May 20, 2015

Is this Shakespeare’s face?


Image taken from Country Life's website

Image taken from Country Life’s website

Shakespeare: remember him? But when you come to think of him, what image floats into your mind’s eye?

Perhaps it’s the “Chandos” portrait, which may or may not depict the playwright, and is suspected to be the source image for the engraving of Shakespeare on the title page of the First Folio. The portrait is the closest thing we have to a likeness of Shakespeare, and still it cannot be said for certain whether or not it really depicts him. Other portraits, such as the Cobbe portrait, have been offered up and quickly sneered at and dismissed by Shakespeare scholars.

Yesterday, a new image was added to this mix of history, myth and the search for authenticity. The botanist and historian Mark Griffiths claims that he has identified the only demonstrably genuine portrait of Shakespeare made in his lifetime. The picture is found in an engraving on the title page of a 400 year-old book on botany, The Herball by John Gerard, and shows a Roman-looking man dressed in a toga with a laurel wreath around his head. He is holding a snake’s head fritillary (a type of flower) in one hand, and an ear of corn in the other. He smiles and looks gently to the side. Perhaps most striking is what has been described as his “hipster moustache”.

Griffiths made his most boldest of claims in Country Life, a magazine not known for groundbreaking scholarly research, but rather photographic spreads of grand country houses and longform journalism on flowers and gardening. This month’s issue is a Chelsea Flower Show Special; next month’s issue is the Shakespeare edition, subtitle, ‘His true likeness revealed at last.’ His choice to reside in Stratford-upon-Avon rather than London suggests Shakespeare did seem to like country life, but I’m not sure he would have wanted his great reveal to happen in Country Life.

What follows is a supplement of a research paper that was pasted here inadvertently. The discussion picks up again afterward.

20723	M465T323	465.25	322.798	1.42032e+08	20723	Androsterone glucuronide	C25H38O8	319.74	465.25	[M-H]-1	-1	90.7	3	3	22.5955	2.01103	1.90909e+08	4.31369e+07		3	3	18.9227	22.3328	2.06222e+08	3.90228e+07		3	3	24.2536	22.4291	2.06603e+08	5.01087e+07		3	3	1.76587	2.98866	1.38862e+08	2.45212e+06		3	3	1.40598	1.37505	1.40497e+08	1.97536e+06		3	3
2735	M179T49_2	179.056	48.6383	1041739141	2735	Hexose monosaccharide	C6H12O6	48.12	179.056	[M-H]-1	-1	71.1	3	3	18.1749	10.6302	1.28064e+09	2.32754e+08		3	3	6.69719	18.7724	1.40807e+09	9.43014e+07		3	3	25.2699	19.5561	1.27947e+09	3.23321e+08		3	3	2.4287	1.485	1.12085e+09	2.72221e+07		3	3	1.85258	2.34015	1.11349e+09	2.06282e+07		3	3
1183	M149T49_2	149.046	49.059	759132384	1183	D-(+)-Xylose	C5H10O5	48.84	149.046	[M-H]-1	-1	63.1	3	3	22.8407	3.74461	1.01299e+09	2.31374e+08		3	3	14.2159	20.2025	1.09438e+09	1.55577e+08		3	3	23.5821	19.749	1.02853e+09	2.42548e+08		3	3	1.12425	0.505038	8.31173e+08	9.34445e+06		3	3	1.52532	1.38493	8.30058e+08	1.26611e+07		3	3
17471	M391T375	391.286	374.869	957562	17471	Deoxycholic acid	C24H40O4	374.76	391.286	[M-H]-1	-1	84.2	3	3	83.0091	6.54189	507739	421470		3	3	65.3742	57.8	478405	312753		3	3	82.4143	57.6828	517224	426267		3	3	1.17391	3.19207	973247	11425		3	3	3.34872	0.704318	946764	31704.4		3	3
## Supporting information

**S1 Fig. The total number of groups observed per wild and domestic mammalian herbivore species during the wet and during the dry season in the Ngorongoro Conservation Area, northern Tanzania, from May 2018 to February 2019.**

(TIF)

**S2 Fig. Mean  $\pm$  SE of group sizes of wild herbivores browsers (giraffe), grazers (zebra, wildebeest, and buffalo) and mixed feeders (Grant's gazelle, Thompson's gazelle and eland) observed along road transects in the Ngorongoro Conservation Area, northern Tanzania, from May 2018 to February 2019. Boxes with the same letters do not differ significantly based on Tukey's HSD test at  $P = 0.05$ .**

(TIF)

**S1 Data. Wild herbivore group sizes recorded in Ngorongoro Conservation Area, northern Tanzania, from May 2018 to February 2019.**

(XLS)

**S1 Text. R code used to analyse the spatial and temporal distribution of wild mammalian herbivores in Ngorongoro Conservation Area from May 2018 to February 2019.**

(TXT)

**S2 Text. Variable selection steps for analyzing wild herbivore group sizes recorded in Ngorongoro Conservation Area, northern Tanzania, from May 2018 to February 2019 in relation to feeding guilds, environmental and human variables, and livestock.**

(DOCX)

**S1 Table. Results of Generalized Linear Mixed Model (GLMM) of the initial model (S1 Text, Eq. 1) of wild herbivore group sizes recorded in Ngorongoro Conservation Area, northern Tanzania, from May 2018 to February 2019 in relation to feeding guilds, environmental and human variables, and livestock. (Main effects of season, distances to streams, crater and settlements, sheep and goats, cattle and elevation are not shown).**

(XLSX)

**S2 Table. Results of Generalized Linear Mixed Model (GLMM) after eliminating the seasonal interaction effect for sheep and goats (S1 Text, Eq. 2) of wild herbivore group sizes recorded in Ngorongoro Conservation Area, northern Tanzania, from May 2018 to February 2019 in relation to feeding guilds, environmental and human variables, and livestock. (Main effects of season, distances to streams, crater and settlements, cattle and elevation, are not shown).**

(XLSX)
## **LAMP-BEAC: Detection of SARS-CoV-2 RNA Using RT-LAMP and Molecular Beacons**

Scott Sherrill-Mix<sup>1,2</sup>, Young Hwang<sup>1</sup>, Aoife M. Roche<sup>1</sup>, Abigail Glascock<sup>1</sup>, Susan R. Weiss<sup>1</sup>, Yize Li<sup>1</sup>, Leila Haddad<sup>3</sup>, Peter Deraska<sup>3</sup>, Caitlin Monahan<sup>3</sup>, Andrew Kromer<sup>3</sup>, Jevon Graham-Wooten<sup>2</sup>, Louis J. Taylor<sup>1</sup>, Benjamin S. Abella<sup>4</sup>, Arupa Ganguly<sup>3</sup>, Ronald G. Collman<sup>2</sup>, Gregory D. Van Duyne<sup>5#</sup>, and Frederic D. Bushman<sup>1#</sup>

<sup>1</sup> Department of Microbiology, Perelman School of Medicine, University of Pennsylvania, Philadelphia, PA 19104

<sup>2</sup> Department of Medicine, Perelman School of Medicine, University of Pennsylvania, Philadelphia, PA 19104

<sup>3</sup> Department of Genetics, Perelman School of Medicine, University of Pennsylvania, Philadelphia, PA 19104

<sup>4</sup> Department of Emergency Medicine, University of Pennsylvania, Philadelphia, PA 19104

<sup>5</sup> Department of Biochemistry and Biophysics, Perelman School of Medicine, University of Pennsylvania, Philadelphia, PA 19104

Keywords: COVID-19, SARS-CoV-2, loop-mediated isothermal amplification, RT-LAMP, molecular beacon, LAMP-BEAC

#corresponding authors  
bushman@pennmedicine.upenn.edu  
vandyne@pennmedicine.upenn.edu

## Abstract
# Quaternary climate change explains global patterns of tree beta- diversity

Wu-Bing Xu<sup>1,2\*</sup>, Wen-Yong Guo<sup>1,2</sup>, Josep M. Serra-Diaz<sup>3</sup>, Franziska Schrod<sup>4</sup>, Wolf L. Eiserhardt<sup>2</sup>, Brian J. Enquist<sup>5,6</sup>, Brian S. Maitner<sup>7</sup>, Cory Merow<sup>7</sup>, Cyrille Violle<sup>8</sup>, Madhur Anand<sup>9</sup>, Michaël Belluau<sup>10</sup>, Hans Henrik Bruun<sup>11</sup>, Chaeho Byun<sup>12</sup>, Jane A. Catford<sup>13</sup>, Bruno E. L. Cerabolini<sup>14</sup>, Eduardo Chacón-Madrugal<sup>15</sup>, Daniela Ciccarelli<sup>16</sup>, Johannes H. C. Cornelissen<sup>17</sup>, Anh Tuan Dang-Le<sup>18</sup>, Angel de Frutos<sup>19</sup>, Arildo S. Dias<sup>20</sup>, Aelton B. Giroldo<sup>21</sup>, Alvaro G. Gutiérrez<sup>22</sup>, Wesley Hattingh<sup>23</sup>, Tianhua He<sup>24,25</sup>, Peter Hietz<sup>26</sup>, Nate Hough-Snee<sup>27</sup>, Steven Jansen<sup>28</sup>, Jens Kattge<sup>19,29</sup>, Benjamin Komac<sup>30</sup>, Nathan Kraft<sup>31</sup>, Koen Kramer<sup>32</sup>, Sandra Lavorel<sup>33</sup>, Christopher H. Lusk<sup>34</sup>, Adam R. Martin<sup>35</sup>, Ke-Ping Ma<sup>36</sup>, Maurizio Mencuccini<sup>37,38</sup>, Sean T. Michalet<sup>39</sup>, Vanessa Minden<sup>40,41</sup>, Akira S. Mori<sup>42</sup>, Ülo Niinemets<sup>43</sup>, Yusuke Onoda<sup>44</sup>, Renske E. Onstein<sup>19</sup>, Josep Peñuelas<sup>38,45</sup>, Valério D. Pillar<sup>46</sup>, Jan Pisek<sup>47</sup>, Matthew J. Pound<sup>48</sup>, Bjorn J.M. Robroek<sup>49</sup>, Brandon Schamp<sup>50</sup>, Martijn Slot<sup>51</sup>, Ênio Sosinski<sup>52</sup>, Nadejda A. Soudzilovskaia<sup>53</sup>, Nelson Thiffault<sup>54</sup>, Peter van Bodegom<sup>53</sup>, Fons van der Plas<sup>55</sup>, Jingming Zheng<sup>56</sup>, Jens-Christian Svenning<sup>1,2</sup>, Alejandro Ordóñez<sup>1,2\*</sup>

Griffiths, a regular contributor to the magazine made his discovery while writing a book on John Gerard after he decides to work out who the figures in the title page were meant to represent. He claims he has spent five years unlocking the motifs and symbolic flowers that surround the figure in the engraving and believes all the clues add up to prove that the man in the picture is Shakespeare. He told the Independent:

We have a bunch of identifiers, the names of which are indisputable and unique to Shakespeare. We have basically a caption underneath, coded in the style of clever men of the time, which says William Shakespeare… Drawn from life, in the prime of life, this is what he looked like. Finally we know what he looked like.

Mark Hedges, editor of Country Life called this “The literary discovery of the century. We have a new portrait of Shakespeare, the first ever that is identified as him by the artist and made in his lifetime.”

But as soon as the news was released, doubts were raised. Prof Michael Dobson, director of the Shakespeare Institute at the University of Birmingham said,

I’m deeply unconvinced, I haven’t seen the detailed arguments, but Country Life is certainly not the first publication to make this sort of claim.

Another Shakespeare expert Stanley Wells tweeted:

Despite these protestations Griffiths and Country Life continue to push ahead with their alleged scoop of the century. They also plan to explain the launch of Shakespeare’s career and reveal a previously unknown Shakespeare play.


Zeljka Marosevic is the managing director of Melville House UK.